DevOps can help organizations get better software to market faster, when it’s working. When it’s not working, development and operations teams aren’t working as a cohesive unit. They’re operating as distinct phases of a software development lifecycle.
Part of the problem may involve tools. Either the tools still operate as silos or they don’t provide the kind of cross-functional visibility that DevOps teams require. However, a bigger task may be getting development and operations working together.
What makes DevOps even more challenging is that there’s no one right way to do it. Of course, there are better and worse ways to approach it, so here are a few suggestions to consider.
Think before automating. Automation is part of DevOps, but it’s not synonymous with DevOps. While it’s true that automating tasks saves time, automation also accelerates the rate at which mistakes can be propagated.
“If you just automate things and you haven’t built the skills to handle high speed, you’re putting yourself in a place where friction and accidents can happen,” said Sean Regan, head of growth, software teams at software development tool provider www.atlassian.com. “Before you automate everything, start with a culture. You’ll have happier developers, happier customers, and better software.”
Test automation is essential for DevOps, and to do that well, developers need to test their software in a production environment.
“DevOps is founded in automation. One of the first things organizations recognize is they need a dynamic infrastructure which most people think is cloud,” said Nathen Harvey, vice president, Community Development at DevOps workflow platform provider www.chef.io Chef Software. “It doesn’t have to be cloud, it means you have compute resources available to developers and the people who are running your production organization.”
With the help of automation and developer access to production environments, DevOps teams are delivering software in days or weeks instead of months.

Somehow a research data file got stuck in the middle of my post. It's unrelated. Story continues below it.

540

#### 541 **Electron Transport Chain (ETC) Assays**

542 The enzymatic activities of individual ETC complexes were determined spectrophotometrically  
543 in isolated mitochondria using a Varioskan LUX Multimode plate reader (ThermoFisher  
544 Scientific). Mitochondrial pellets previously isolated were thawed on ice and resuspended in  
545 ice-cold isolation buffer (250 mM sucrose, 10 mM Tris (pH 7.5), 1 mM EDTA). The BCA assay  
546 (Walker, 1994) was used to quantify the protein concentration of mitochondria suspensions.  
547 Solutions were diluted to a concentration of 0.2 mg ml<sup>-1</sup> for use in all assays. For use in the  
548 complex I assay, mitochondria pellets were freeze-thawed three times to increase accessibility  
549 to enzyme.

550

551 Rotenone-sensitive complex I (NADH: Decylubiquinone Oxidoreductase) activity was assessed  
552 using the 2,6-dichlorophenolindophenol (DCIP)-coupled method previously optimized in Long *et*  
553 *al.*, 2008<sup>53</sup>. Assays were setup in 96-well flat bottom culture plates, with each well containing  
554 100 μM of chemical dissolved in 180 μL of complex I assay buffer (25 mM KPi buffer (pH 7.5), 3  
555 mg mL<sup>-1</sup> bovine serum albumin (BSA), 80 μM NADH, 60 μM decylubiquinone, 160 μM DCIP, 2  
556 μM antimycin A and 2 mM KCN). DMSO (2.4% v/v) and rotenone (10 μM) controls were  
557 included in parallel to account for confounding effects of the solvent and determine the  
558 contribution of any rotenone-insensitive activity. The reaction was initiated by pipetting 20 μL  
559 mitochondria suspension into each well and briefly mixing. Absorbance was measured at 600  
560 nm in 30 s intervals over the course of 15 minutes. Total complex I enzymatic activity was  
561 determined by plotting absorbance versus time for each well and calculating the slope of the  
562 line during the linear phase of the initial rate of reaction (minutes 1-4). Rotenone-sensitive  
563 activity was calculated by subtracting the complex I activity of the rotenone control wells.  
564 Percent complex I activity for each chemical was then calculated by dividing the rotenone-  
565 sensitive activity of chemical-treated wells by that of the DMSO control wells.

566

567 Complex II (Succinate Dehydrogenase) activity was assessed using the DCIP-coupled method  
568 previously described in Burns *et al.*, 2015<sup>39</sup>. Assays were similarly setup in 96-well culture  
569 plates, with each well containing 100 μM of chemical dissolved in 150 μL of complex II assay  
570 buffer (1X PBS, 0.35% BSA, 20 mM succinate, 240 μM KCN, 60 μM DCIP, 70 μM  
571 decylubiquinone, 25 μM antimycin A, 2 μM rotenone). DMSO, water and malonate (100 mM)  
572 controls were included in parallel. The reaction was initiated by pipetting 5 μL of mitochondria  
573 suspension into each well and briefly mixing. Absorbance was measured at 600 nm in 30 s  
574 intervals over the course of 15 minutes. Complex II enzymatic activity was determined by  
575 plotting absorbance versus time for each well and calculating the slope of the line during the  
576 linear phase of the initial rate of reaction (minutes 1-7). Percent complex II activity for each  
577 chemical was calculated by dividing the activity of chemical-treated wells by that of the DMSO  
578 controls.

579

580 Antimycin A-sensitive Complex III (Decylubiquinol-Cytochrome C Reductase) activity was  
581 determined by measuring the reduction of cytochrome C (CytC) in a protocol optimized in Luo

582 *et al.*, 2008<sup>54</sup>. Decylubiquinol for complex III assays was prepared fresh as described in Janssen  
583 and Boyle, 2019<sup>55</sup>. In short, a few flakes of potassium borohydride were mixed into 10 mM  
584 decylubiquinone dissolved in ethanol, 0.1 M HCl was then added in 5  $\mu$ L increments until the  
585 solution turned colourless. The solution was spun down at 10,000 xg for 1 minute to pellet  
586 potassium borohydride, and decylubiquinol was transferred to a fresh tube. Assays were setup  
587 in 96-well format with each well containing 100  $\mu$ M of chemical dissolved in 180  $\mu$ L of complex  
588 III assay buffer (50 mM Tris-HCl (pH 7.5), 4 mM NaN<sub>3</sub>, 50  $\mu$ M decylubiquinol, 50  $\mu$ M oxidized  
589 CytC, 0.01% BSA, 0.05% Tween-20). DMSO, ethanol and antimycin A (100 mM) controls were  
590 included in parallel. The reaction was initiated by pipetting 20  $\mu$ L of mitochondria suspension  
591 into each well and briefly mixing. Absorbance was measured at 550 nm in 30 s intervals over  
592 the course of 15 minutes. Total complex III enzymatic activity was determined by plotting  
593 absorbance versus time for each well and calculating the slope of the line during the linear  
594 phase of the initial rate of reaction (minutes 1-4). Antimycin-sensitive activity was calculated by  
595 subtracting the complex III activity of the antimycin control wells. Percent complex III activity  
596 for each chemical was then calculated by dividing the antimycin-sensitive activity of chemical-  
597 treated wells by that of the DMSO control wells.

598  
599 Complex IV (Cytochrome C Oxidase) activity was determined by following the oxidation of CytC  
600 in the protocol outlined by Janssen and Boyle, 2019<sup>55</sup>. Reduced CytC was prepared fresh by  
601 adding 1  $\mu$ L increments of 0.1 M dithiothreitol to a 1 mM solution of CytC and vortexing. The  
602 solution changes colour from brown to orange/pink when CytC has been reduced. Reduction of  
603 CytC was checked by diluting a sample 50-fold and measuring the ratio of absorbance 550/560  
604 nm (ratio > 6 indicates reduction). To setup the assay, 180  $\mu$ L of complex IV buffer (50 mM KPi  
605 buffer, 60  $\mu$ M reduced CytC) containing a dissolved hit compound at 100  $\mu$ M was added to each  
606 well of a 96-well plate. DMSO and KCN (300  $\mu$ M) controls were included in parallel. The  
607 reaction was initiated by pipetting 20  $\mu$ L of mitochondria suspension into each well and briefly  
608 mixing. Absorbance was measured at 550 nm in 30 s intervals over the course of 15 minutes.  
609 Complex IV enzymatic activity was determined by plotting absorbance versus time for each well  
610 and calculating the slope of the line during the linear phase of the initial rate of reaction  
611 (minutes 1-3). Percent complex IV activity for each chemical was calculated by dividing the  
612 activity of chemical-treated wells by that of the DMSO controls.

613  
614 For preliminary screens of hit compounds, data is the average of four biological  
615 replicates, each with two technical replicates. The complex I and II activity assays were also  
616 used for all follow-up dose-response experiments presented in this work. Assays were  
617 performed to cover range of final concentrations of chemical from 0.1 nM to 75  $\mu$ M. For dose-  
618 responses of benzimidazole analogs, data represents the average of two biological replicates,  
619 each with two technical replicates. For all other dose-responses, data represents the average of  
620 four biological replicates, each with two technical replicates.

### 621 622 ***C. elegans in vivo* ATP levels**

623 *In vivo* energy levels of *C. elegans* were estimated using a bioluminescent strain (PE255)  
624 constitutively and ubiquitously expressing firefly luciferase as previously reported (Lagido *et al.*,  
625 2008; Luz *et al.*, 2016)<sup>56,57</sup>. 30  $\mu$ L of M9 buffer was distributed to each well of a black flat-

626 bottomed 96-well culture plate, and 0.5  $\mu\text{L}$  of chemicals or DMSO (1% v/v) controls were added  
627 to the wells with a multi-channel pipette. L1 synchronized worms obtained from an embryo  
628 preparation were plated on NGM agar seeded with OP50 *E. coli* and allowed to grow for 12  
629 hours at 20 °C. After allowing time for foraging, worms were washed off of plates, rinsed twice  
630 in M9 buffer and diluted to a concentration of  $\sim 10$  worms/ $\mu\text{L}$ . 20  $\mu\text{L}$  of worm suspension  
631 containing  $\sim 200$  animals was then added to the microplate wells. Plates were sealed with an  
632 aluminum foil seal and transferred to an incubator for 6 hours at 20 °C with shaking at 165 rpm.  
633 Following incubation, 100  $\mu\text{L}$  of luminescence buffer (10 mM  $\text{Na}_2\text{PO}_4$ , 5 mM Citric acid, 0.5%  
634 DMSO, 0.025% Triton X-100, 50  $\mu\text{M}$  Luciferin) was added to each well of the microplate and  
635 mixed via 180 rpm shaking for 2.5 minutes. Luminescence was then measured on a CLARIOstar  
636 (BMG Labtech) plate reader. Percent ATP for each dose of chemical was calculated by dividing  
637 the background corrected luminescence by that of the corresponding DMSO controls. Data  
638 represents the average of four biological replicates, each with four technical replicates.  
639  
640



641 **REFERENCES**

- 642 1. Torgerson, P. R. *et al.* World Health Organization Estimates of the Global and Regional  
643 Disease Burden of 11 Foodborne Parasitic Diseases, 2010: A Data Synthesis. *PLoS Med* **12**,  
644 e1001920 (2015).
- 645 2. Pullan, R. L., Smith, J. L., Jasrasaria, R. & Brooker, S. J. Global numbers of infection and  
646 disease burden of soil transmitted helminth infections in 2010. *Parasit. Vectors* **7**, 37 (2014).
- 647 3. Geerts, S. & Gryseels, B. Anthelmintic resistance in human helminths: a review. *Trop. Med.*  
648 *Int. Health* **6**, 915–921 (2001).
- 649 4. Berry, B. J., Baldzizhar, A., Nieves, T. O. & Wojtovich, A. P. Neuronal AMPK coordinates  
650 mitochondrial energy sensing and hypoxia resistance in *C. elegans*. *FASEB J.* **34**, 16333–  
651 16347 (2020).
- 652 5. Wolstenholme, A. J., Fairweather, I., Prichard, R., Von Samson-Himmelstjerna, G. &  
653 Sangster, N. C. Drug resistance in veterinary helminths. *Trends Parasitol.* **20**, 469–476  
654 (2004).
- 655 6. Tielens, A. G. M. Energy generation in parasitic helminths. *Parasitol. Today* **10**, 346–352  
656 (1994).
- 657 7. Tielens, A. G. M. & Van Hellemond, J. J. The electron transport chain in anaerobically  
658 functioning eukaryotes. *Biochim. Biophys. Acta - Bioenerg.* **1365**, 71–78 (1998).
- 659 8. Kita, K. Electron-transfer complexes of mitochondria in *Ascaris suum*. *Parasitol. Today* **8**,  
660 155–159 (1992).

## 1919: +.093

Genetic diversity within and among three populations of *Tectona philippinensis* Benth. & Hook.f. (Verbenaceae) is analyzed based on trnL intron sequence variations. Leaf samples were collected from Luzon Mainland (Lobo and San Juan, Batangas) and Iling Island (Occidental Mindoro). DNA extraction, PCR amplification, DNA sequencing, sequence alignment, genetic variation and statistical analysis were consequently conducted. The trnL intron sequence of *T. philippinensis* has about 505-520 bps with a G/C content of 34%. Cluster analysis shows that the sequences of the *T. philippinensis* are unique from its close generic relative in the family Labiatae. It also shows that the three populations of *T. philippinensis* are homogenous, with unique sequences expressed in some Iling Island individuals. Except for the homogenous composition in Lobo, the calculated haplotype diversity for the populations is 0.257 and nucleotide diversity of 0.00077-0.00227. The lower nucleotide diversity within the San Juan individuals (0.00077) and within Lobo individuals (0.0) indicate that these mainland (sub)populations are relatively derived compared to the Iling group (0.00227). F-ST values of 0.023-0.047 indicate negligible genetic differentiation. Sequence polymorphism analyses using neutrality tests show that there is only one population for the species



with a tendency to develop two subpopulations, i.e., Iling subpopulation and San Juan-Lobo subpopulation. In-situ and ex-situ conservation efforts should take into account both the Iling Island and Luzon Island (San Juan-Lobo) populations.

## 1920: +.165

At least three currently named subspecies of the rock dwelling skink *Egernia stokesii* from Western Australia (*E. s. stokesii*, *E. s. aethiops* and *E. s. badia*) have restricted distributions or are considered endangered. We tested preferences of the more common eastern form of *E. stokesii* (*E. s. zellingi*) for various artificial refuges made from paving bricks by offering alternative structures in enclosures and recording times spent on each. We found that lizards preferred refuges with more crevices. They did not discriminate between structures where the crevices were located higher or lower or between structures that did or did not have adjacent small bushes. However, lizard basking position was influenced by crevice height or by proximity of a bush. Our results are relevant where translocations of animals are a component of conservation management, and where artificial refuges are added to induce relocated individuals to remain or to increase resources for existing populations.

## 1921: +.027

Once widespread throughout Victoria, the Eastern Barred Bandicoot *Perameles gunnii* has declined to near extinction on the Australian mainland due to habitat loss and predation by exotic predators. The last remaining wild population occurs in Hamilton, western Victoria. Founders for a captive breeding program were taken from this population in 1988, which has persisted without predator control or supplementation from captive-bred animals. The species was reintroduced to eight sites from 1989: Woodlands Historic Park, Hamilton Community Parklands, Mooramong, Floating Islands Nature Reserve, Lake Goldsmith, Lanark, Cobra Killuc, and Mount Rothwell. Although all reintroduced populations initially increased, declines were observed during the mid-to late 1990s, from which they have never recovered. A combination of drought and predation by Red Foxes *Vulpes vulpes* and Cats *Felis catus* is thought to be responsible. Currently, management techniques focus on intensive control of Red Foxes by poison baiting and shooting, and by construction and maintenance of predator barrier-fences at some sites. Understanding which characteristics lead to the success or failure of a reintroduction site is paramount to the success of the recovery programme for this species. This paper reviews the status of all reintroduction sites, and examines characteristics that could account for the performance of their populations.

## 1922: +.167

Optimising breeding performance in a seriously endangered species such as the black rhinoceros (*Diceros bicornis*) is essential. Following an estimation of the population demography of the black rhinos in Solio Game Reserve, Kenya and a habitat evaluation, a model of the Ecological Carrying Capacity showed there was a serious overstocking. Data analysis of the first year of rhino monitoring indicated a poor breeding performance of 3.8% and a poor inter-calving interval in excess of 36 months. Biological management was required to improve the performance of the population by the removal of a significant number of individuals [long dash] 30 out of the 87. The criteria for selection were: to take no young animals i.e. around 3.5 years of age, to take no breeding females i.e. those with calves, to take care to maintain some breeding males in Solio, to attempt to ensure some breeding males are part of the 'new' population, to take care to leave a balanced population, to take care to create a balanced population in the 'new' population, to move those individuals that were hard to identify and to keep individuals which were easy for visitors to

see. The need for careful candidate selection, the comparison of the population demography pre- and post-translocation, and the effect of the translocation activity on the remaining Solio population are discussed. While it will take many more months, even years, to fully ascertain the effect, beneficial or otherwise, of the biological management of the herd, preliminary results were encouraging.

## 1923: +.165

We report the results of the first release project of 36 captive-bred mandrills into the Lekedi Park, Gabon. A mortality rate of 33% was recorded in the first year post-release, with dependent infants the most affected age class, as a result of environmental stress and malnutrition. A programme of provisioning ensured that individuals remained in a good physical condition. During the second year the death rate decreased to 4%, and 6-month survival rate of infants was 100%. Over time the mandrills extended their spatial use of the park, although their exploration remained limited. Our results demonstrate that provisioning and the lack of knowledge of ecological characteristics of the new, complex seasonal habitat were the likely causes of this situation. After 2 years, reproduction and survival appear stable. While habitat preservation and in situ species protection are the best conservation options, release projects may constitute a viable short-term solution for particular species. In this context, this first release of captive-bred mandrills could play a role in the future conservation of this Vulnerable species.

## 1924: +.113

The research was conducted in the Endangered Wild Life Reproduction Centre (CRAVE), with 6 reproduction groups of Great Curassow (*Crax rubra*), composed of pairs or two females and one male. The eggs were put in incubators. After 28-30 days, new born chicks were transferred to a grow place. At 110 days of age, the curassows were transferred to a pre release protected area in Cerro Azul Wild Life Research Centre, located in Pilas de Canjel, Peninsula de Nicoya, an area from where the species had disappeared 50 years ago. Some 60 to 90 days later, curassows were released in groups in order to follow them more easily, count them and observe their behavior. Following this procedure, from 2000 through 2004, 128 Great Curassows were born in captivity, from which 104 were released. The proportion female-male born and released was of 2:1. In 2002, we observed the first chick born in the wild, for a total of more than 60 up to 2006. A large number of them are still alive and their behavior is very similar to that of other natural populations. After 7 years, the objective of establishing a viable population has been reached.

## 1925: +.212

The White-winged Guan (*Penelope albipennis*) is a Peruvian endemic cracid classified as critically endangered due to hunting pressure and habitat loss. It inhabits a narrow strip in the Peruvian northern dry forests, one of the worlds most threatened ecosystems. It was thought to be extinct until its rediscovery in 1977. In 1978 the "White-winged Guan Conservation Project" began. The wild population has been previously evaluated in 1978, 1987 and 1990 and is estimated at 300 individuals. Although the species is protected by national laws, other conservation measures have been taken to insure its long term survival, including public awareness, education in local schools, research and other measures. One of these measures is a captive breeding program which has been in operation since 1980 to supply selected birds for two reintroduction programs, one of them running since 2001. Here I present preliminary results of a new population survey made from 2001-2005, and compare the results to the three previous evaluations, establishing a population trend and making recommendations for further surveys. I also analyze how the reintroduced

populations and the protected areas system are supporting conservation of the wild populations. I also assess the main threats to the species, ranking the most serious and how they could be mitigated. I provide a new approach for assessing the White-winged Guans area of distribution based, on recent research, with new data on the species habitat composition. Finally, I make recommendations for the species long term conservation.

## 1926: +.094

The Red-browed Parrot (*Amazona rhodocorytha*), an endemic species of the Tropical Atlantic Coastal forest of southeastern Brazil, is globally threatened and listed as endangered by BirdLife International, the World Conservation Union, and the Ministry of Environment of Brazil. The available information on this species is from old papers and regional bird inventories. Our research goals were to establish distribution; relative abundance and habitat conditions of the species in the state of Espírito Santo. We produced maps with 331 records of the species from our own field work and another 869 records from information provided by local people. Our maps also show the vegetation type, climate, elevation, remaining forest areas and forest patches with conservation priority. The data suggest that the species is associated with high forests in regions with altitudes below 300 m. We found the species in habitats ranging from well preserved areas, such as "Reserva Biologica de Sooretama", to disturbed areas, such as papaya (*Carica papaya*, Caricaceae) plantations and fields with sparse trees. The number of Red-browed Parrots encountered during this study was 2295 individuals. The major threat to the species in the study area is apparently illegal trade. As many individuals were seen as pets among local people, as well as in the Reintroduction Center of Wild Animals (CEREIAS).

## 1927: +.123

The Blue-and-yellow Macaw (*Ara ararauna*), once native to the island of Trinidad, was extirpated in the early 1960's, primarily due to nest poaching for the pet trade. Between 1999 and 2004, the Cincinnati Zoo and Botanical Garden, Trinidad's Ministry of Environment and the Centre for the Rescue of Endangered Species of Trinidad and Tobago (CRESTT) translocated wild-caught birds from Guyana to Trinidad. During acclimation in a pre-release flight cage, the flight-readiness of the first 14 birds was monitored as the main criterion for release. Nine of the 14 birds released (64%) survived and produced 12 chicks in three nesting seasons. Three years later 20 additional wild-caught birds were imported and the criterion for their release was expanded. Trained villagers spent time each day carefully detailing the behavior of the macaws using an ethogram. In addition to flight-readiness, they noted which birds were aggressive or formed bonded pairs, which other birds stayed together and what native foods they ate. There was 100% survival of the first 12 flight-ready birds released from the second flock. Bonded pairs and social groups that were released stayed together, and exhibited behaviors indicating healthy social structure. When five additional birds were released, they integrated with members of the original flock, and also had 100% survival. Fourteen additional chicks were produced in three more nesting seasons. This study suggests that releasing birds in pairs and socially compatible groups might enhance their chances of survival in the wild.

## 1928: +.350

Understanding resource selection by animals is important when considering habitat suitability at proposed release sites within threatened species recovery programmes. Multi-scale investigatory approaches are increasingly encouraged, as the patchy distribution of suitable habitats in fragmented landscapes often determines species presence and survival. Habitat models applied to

Cultivate a DevOps culture. Software teams that have gone through an Agile transformation remember they had to change their culture for it to succeed. The same is true for DevOps.
“You need to get your teams collaborating in a way they haven’t done before,” said Harvey. “It becomes much less about a hand-off and more about understanding the common goals we’re working towards.”
One indication of DevOps maturity is whether the shipment of software is considered an end or a beginning. Atlassian used to celebrate after a product shipped, which used to be common for software companies. Now Atlassian celebrates milestones hit after the release, such as the number of customers using a new feature within a given time frame.
Take a hint from web giants. A decade ago, web companies were embracing DevOps and figuring out how infrastructure could be managed as code. Meanwhile, other companies were operating in business-as-usual mode.
“If you’re coming from a more traditional organization, the idea of managing infrastructure as code may still be new,” said Chef Software’s Harvey. “I think the best way to achieve success is to pull together a cross-functional team that cares about driving a particular business outcome, such as how to deliver this one change out to our customer.”
Cheat. Companies spend lots of time reinventing what works at other companies. Atlassian memorialized a lot of what it has learned in self-assessments and playbooks, so DevOps teams can identify and address the challenges they face.
“Customers are coming to us saying, ‘Give us playbooks, give us patterns, give us specific actionable ways to move toward DevOps,” said Regan. “If you’re moving to DevOps, there’s usually an early stage where you wonder if you’re doing it right.”